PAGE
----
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Consider a simple experiment, such as boiling water in a pot in your kitchen, is it possible to estimate the time needed for the water to boil based on elementary properties of water ?

In the physics and chemistry literatures we find many computational and theoretical works attempting to predict the boiling temperature of water, from elementary properties, such as the molecular bonding strength or angles. But what about the boiling time ?

The basic parameters for the boiling time should the heating power, the heat conductivity of the pot, the heat capacity of water, and possibly other properties that characterize the transfer of energy from the environment to the water. My question is about the time needed from the moment where the water temperature is close to boiling point, to the moment where water has left its initial liquid state.

It is mentioned in many lectures and textbooks that nucleation is a limiting step in the formation of a new phase, in particular for the boiling of water. But I was never able to find a critical comparison of such statements. So I would appreciate any references or indications. Which kind of computations do you expect to be necessary ? What kind of empirical parameters enter in the calculation ? Was this done in a reference?

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  • $\begingroup$ I probably don't know the answer yet, but i find it interesting. To confirm that i understand it right, do you mean like the time between the moment when a pot of water reaches 99.9 degrees Celcius at atmospheric pressure, and the moment when all the water has just been boiled away and just a dry pot is left? $\endgroup$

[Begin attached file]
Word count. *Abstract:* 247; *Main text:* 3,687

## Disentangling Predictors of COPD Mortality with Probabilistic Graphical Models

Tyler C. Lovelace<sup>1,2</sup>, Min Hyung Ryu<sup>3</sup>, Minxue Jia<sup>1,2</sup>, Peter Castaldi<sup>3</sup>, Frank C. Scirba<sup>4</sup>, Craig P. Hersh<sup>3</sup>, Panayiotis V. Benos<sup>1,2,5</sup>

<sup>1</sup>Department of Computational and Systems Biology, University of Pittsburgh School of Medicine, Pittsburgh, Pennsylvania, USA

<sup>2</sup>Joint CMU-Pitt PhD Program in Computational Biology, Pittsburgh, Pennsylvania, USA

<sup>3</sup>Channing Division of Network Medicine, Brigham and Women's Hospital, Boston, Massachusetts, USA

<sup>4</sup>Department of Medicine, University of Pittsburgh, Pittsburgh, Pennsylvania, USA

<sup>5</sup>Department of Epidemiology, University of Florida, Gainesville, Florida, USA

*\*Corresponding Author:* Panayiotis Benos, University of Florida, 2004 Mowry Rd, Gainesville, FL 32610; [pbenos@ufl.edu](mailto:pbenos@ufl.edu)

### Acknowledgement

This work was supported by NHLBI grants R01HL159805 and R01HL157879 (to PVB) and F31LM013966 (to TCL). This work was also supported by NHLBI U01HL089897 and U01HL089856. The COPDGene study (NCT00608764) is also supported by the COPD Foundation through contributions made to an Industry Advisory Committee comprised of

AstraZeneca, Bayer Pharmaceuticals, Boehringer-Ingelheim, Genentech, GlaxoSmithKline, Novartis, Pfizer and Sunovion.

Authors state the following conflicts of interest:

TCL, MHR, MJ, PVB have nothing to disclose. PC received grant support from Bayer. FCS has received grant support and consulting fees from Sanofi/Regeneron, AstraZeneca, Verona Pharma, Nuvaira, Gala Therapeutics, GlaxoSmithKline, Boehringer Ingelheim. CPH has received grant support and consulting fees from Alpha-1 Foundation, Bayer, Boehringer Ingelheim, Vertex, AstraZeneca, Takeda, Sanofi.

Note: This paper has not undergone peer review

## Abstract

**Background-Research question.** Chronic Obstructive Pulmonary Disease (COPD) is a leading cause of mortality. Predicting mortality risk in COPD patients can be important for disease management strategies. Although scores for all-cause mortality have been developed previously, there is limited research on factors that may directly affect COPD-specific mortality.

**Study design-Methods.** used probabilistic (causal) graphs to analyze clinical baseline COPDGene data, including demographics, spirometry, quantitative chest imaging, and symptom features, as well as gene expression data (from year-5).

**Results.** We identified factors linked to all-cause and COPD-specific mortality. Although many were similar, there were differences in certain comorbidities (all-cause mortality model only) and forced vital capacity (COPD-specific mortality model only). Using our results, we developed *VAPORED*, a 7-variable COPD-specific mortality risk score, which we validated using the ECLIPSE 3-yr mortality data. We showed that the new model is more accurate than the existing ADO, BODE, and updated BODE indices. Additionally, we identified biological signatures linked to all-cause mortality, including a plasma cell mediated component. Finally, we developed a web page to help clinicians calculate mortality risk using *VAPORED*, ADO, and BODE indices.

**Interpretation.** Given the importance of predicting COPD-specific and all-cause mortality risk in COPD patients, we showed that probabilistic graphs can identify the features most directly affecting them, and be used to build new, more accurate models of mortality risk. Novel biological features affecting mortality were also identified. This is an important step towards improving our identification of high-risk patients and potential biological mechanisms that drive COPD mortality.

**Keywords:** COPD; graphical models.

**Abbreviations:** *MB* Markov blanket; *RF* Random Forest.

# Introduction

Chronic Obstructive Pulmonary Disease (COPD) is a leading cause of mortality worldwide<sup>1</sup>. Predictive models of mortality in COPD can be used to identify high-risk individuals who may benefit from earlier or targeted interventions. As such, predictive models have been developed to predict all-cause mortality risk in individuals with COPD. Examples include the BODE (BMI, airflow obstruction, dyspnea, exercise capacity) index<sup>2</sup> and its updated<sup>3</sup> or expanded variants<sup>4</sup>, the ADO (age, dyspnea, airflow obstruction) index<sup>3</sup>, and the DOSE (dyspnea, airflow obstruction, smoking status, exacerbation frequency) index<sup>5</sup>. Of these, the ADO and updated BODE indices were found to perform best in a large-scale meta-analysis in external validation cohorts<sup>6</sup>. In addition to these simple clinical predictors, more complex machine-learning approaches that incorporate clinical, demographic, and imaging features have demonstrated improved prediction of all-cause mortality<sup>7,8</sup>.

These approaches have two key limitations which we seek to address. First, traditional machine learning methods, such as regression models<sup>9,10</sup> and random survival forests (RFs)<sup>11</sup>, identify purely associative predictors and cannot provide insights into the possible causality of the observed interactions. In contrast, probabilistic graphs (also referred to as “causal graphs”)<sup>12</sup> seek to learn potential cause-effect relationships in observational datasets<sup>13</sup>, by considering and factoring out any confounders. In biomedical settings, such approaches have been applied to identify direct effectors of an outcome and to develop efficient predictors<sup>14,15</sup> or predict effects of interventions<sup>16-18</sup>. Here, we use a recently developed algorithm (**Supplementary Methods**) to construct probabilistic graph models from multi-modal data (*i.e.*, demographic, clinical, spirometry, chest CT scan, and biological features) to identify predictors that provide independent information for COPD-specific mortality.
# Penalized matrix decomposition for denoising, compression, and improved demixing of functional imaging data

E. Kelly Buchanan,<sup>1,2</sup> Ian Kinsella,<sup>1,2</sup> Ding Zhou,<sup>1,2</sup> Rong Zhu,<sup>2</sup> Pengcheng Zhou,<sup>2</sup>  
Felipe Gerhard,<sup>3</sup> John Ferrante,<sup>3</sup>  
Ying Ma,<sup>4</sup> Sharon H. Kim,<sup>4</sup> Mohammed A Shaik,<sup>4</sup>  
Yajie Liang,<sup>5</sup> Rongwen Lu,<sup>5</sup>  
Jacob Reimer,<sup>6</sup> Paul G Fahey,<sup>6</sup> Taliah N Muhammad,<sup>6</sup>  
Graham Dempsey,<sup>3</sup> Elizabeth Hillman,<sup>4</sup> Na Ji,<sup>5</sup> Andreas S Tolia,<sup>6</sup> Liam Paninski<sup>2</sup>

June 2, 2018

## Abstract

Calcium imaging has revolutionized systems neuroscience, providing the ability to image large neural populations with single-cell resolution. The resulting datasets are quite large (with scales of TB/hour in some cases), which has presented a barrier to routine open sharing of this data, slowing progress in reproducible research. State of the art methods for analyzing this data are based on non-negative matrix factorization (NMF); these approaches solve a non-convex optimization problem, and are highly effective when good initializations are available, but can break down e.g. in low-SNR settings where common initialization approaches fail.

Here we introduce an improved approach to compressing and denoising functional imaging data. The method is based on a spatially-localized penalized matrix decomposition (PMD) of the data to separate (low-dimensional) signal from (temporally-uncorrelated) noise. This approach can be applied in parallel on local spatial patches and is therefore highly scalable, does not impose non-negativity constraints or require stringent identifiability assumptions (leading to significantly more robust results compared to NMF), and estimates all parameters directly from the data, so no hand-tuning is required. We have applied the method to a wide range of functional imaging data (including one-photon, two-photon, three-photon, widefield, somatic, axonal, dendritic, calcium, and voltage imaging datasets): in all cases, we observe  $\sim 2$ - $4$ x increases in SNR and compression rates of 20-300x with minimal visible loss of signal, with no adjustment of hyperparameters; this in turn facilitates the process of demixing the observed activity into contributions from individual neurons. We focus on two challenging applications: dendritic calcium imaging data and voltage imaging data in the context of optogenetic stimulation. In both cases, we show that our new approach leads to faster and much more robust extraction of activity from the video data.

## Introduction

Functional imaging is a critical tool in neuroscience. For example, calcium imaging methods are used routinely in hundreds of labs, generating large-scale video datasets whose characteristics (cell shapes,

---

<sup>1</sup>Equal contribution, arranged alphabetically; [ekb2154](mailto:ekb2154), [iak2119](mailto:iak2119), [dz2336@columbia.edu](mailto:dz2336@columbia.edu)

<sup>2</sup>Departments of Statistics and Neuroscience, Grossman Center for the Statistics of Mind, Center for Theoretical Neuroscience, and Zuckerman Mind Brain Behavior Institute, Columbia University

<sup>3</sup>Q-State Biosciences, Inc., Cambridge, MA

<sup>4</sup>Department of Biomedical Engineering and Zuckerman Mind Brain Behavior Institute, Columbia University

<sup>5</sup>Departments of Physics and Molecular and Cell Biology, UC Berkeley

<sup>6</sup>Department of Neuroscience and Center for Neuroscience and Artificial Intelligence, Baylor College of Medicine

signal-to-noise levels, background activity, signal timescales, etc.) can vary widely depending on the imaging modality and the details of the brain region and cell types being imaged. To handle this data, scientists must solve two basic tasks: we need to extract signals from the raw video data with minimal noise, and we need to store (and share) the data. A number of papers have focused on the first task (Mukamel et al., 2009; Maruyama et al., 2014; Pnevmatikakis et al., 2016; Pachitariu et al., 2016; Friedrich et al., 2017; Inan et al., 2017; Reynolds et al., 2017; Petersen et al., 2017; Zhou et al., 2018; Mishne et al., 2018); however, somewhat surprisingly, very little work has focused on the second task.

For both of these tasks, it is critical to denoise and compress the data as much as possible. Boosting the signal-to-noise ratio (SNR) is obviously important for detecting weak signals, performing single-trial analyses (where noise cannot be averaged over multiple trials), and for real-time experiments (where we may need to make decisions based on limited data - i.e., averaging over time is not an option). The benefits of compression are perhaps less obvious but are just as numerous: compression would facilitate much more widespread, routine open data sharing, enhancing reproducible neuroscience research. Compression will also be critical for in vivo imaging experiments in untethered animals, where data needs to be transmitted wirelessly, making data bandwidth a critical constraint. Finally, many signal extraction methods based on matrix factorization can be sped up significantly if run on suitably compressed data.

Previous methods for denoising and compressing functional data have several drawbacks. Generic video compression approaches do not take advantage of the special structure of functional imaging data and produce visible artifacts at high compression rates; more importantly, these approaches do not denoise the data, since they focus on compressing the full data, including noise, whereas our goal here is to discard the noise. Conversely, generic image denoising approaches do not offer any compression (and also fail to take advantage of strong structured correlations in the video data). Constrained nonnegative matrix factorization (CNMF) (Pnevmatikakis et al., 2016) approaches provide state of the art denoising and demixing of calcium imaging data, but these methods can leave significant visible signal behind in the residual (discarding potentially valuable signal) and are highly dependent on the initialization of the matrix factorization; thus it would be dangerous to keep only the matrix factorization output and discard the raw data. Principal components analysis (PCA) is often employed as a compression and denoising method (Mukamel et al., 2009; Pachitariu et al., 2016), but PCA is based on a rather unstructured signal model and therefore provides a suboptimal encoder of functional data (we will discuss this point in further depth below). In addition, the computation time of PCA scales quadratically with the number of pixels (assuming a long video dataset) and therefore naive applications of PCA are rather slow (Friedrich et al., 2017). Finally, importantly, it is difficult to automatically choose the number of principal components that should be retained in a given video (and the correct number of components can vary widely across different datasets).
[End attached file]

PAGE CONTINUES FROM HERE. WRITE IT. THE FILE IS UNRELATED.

– aystack
    Jul 28, 2023 at 12:56
  • $\begingroup$ Yes, exactly. Qualitatively, the time-dependence of temperature of water in this experiment would roughly show three windows : First a linear increase due to heating of the liquid. Here the rate should be controlled by thermal conductivity and heat capacity properties. Then temperature is flat at 100 degrees, this is the "boiling" window. Then temperature increases linearly again due to heating of the gas, while all the liquid phase boiled away. $\endgroup$ Jul 29, 2023 at 12:47

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One needs some information about the heating device - it is somewhat complicated one heating on fire, even with a gas stove, and somewhat easier with an electric one. The simplest estimate is the one for an electric pot - one has to look at the package (or the pot itself) to check its power, $P$, measured in Watts. The energy produced by the pot is then $U=Pt$, where $t$ is the time. This energy has to be equal to the energy required to heat water to the boiling temperature (typically $373K$, but can be lower at higher altitudes) and to convert it to gas, just as they teach in basic physics and chemistry: $$ Pt=C(T_{boiling}-T_{room})m + \lambda m, $$ where $m$ is the mass of water that we are trying to boil. The mechanism of boiling - how the bubbles form etc. would really lead to only small adjustments.

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    $\begingroup$ Let us take the pot on the electric plate. I agree of course that the basic parameters are the heating power, the heat conductivity of the pot, the heat capacity of water, and possibly other properties that characterize the transfer of energy from the environment to the water. But my question was more about the time needed from the moment where the water temperature is close to boiling point, to the moment where water has left its initial liquid state. I adapt my question. $\endgroup$ Jul 28, 2023 at 8:28
  • $\begingroup$ @YoussefMabrouk then the question becomes about the dynamics of a phase transition, which makes it a lit more complex (though also very interesting). $\endgroup$
    – Roger V.
    Jul 28, 2023 at 8:39

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